As more and more countries plan to stem exports to shore up their domestic needs, what will this mean for international trade and global supply chains?
When Russia invaded Ukraine, firms the world over looked to disentangle their supply chains from the warring countries, and governments were forced to take action as restrictions on gas and food would soon become a reality.
Many governments chose to shore up their trade and economy with ‘protectionism’ strategies, prioritising their national supplies to satisfy domestic needs, often through export bans. Of course, this goes far beyond the war.
Temporary protectionism measures offer security during a period of crisis, but the rise in its adoption, with no defined end point, can skew trade and cut off major suppliers from the global chain. As a trend, it’s a big concern: a report by European research group the Conference Board found almost 80% of CEOs believe an increasing number of sectors will be considered “national security priorities” in the next five years. Because while food and oil are common targets for protection schemes, this range of categories is expanding.
The EU’s European Chips Act demonstrates how what is considered a “national security priority” is constantly evolving, especially as societies grow evermore tech dependent. Triggered by pandemic-related factory closures that caused a global semiconductor shortage, the Act looks to make the bloc more self-sufficient and will include “priority order” mechanisms to ensure there are EU-made chips for EU countries during shortages. As Ursula von der Leyen said: “There is no digital without chips”.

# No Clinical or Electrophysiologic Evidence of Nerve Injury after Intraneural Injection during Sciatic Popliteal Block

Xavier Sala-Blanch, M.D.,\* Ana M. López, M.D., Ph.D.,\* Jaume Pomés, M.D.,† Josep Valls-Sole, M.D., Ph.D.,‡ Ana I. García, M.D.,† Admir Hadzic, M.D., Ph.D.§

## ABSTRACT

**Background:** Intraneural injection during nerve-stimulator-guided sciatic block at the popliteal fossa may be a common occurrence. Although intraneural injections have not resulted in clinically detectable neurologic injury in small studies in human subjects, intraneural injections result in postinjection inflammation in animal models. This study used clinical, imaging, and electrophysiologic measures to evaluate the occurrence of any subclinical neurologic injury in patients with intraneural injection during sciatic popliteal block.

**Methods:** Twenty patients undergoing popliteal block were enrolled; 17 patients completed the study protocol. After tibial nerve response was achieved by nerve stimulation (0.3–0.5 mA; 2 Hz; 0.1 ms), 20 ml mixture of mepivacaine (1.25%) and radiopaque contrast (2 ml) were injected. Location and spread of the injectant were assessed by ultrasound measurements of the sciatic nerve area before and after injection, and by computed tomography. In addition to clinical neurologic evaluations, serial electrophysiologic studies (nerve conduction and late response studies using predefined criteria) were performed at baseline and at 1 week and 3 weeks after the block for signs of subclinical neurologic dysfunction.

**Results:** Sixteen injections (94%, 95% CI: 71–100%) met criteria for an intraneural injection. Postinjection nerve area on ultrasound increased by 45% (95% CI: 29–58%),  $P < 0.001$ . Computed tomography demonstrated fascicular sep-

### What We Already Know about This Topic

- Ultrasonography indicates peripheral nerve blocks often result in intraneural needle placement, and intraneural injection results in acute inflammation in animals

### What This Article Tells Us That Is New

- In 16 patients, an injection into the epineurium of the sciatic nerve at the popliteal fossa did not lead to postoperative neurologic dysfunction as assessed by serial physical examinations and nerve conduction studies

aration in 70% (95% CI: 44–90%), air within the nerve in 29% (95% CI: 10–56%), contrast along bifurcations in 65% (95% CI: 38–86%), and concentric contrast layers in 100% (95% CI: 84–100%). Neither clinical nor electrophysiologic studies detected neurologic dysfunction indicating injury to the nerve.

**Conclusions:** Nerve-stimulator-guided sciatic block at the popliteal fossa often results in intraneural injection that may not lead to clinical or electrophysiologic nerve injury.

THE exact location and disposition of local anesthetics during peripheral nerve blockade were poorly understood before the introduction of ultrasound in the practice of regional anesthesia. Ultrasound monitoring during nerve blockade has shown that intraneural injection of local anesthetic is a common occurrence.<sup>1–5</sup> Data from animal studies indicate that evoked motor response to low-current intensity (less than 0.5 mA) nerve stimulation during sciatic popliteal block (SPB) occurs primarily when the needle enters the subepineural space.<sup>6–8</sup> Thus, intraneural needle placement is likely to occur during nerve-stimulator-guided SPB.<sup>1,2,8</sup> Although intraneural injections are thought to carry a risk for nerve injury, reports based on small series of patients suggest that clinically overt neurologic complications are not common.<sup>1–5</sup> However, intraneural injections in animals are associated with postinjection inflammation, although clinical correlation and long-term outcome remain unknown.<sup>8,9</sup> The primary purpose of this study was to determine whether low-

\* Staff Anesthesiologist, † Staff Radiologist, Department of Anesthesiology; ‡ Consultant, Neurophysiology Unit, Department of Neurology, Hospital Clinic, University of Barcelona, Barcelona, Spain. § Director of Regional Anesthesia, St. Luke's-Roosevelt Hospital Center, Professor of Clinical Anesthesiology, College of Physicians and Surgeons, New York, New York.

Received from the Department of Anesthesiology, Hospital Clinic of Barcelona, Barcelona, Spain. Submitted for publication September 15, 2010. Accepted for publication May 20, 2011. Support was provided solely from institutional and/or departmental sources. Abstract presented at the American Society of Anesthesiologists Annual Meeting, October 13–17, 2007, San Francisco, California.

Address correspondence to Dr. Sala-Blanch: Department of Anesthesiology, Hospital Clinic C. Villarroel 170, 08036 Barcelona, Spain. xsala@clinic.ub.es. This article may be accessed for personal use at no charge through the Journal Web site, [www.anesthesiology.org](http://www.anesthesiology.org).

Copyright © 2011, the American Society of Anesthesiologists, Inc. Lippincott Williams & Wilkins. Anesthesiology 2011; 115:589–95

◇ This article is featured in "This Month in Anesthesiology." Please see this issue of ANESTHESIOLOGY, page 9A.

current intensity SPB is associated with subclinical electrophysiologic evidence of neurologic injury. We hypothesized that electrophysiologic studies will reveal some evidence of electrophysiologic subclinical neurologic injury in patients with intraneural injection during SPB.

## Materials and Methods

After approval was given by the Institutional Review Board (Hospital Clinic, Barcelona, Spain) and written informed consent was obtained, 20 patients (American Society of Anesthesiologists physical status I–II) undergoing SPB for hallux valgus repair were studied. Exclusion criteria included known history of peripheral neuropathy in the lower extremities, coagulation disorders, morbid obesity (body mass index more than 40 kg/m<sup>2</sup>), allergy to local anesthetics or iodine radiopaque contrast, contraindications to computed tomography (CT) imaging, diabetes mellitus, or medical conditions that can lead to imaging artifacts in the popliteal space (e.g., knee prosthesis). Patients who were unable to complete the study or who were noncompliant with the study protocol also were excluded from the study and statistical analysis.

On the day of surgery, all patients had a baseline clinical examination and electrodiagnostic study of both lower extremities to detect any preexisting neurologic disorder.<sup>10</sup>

So while procurement is calling for greater collaboration to increase resilience and reduce risk, how will the rise of protectionism impact operations?
Global food poverty
Protectionist policies are most pronounced in the world’s food supply chains, where they risk exacerbating global poverty. Following Russia’s invasion of Ukraine, 24 countries implemented export bans covering over 30 food items including ingredients such as wheat, sugar and oils, according to research by the International Food Policy Research Institute (IFPRI). These policies have affected over 17% of global calories traded.
Indonesia’s announcement in April that the country – the world’s biggest palm oil producer – was to ban all exports of the oil to offset domestic prices, albeit temporarily, sparked concerns this would trigger widespread supply shocks. Meanwhile, Malaysia imposed a ban on chicken exports, causing disruptions in Singapore which sources a third of its chicken from the country.